She told me what it was, and I said, “Yeah, I’m familiar with that part of Houston.” So she didn’t tell me, though, that she was . . . She could have called us on the phone, because I had a phone. Then I was on night duty, and my children called me around eleven o’clock or a little after eleven that night, I guess around midnight, and said, “Mother, I’m so excited. I’m so scared.”

“Why? What happened?”

“Well, this lady that owns the apartment came down and she knocked and knocked and we didn’t hear her, so she broke the lock on the door and came in.” Well, that was no way of doing it. She knew that I had the two children there and, renting the apartment, that I lived there, so why couldn’t she along the way someplace from Austin to Houston stop and call and say, “We’re on our way to Houston. We don’t know just what time we’ll be there, but we’re coming in and we want to sleep there”?

Well, my daughter called me around midnight. Well, I was on duty; I couldn’t come home. I said, “Well, honey, go lie down on the couch,” because they took over her bed. It just had two bedrooms. I said, “Go lie down on the couch. I cannot come home, Hermanelle [?], because I’m on duty here. And if they’re there, then probably nothing will happen to you because they’ll be there to hear with the door lock being broken.”

Well, she and I tied up the next morning. She was a secretary at Breckinridge. I knew her. That’s how I got the place when I came to Houston. She and I really had locked horns the next morning. I said, “When my month expires, I’m leaving.”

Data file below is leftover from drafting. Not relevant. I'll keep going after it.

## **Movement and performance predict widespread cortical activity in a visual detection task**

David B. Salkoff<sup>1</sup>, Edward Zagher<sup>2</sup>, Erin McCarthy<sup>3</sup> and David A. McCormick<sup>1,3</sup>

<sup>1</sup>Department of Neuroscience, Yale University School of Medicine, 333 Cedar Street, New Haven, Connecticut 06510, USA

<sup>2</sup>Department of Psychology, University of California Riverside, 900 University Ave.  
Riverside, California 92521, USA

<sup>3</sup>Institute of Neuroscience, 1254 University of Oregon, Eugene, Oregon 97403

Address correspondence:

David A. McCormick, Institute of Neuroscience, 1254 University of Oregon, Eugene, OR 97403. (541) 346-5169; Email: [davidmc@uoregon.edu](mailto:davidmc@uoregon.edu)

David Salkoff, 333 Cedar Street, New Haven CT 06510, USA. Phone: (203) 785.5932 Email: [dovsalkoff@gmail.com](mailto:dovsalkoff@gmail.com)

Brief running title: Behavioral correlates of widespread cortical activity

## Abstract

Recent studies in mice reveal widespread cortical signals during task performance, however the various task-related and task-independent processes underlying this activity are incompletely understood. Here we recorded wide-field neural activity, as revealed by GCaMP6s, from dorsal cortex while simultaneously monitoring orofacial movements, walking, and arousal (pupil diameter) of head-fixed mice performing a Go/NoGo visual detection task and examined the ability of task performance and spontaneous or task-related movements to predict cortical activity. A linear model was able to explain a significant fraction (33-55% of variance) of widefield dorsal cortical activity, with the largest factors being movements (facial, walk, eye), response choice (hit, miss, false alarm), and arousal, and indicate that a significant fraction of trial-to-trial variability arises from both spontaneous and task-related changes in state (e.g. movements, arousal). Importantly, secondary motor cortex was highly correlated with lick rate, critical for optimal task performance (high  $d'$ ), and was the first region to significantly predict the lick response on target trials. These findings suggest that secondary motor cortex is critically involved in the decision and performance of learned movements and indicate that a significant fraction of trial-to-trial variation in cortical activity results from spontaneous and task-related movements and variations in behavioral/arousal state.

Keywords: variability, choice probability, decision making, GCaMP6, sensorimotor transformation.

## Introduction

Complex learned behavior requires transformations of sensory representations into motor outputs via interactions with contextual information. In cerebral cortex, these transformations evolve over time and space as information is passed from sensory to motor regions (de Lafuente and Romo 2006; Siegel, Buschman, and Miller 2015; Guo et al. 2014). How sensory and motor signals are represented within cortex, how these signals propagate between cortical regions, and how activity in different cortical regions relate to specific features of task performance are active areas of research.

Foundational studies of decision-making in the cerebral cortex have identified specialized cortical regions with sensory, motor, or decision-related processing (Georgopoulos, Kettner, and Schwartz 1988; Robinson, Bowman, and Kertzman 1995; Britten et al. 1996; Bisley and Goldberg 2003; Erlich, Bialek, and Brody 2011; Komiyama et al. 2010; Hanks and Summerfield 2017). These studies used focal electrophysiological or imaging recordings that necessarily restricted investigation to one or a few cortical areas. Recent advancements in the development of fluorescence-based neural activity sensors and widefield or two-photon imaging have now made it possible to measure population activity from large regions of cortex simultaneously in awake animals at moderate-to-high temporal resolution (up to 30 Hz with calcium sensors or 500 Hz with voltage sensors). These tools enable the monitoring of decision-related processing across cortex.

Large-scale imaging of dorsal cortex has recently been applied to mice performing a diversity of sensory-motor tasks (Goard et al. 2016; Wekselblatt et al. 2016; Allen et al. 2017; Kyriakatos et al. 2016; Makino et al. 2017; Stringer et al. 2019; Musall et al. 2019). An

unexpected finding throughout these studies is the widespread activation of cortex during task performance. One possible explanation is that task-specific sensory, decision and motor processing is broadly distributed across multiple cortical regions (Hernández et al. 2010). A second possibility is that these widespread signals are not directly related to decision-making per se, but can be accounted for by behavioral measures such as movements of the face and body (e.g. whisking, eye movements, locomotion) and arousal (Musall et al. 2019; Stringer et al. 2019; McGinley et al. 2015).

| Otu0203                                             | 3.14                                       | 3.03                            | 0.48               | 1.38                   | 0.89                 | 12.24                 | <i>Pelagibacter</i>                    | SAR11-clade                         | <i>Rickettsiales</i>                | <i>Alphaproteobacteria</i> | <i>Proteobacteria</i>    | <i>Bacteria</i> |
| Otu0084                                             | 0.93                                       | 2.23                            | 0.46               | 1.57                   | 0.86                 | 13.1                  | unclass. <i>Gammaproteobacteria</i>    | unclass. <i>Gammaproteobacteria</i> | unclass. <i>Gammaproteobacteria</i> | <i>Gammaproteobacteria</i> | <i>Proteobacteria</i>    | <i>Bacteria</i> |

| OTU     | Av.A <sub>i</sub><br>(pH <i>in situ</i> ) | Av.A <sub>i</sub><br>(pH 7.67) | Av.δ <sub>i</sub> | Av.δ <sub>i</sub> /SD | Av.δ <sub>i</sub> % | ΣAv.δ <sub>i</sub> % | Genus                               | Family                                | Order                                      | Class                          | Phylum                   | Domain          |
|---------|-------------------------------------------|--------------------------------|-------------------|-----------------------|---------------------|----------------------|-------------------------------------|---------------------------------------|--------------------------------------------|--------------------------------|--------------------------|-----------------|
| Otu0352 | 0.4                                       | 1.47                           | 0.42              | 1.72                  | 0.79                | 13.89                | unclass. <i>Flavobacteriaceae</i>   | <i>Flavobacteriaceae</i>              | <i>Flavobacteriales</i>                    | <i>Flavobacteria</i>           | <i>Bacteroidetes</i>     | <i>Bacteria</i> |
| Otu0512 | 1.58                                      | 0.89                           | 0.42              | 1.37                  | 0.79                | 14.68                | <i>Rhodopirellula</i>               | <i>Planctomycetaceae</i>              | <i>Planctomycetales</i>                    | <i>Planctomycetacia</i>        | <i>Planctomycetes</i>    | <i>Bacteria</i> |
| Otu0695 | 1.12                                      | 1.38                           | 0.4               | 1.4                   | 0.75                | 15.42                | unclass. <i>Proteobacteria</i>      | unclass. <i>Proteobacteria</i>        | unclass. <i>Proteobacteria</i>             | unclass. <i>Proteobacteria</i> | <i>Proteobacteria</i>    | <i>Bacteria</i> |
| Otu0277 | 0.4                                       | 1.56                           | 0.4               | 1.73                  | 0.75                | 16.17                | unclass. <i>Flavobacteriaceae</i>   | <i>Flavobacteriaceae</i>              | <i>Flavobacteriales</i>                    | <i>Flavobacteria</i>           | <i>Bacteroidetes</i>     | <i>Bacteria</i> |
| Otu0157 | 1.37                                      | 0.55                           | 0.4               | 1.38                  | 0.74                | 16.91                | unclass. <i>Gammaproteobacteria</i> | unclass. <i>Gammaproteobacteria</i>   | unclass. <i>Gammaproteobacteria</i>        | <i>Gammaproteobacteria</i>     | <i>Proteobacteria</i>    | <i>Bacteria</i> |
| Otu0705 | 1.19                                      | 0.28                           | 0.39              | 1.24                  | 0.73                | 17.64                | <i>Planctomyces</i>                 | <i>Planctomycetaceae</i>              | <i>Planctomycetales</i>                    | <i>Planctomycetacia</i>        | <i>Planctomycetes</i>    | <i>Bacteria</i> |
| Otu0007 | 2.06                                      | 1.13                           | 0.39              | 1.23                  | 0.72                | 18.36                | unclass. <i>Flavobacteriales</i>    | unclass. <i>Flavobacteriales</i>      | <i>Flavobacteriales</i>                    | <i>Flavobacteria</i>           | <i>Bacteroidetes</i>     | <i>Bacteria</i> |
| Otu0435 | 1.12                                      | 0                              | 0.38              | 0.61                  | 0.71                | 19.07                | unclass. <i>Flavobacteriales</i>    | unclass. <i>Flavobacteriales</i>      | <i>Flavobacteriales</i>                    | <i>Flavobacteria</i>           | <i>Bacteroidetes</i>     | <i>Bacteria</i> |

“Oh, Miss Balzer, you can’t leave.”

I said, “You better believe I’m going to leave. You think I’m going to leave my children here and have somebody come in and break in at midnight?” I said, “No, sirree.”

So that’s what I did. I moved to a little duplex apartment, which was just right around the corner there, almost directly behind where we were living, and that was just a young couple. They had built a two-unit house. They lived in one side and rented the other side. When I saw that ad, I went and talked to him and I told him, I said, “Now, I have two teenage children, a girl and a boy, and I need to know that when I have to do night duty, which I don’t want to do, but when you have a position sometimes you’re forced to do that, that my children will be safe.”

“Yes, ma’am, they’ll be okay. All they need to do is go out in the hallway and knock on the wall and I’ll come see about them,” which they were just so nice. And he said, “And Miss Balzer, another thing, I’ll secure the windows so nobody can open the windows and come in without making a noise and disturbing the neighbors.”

I said, “Oh, I really appreciate that.”

Well, he was a telephone man, and in ’54, we had that severe ice storm here in Houston.

Lesley Williams Brunet:

No, I didn’t know that.

Ornell H. Balzer:

You don’t?

Lesley Williams Brunet:

I didn’t. I didn’t know that.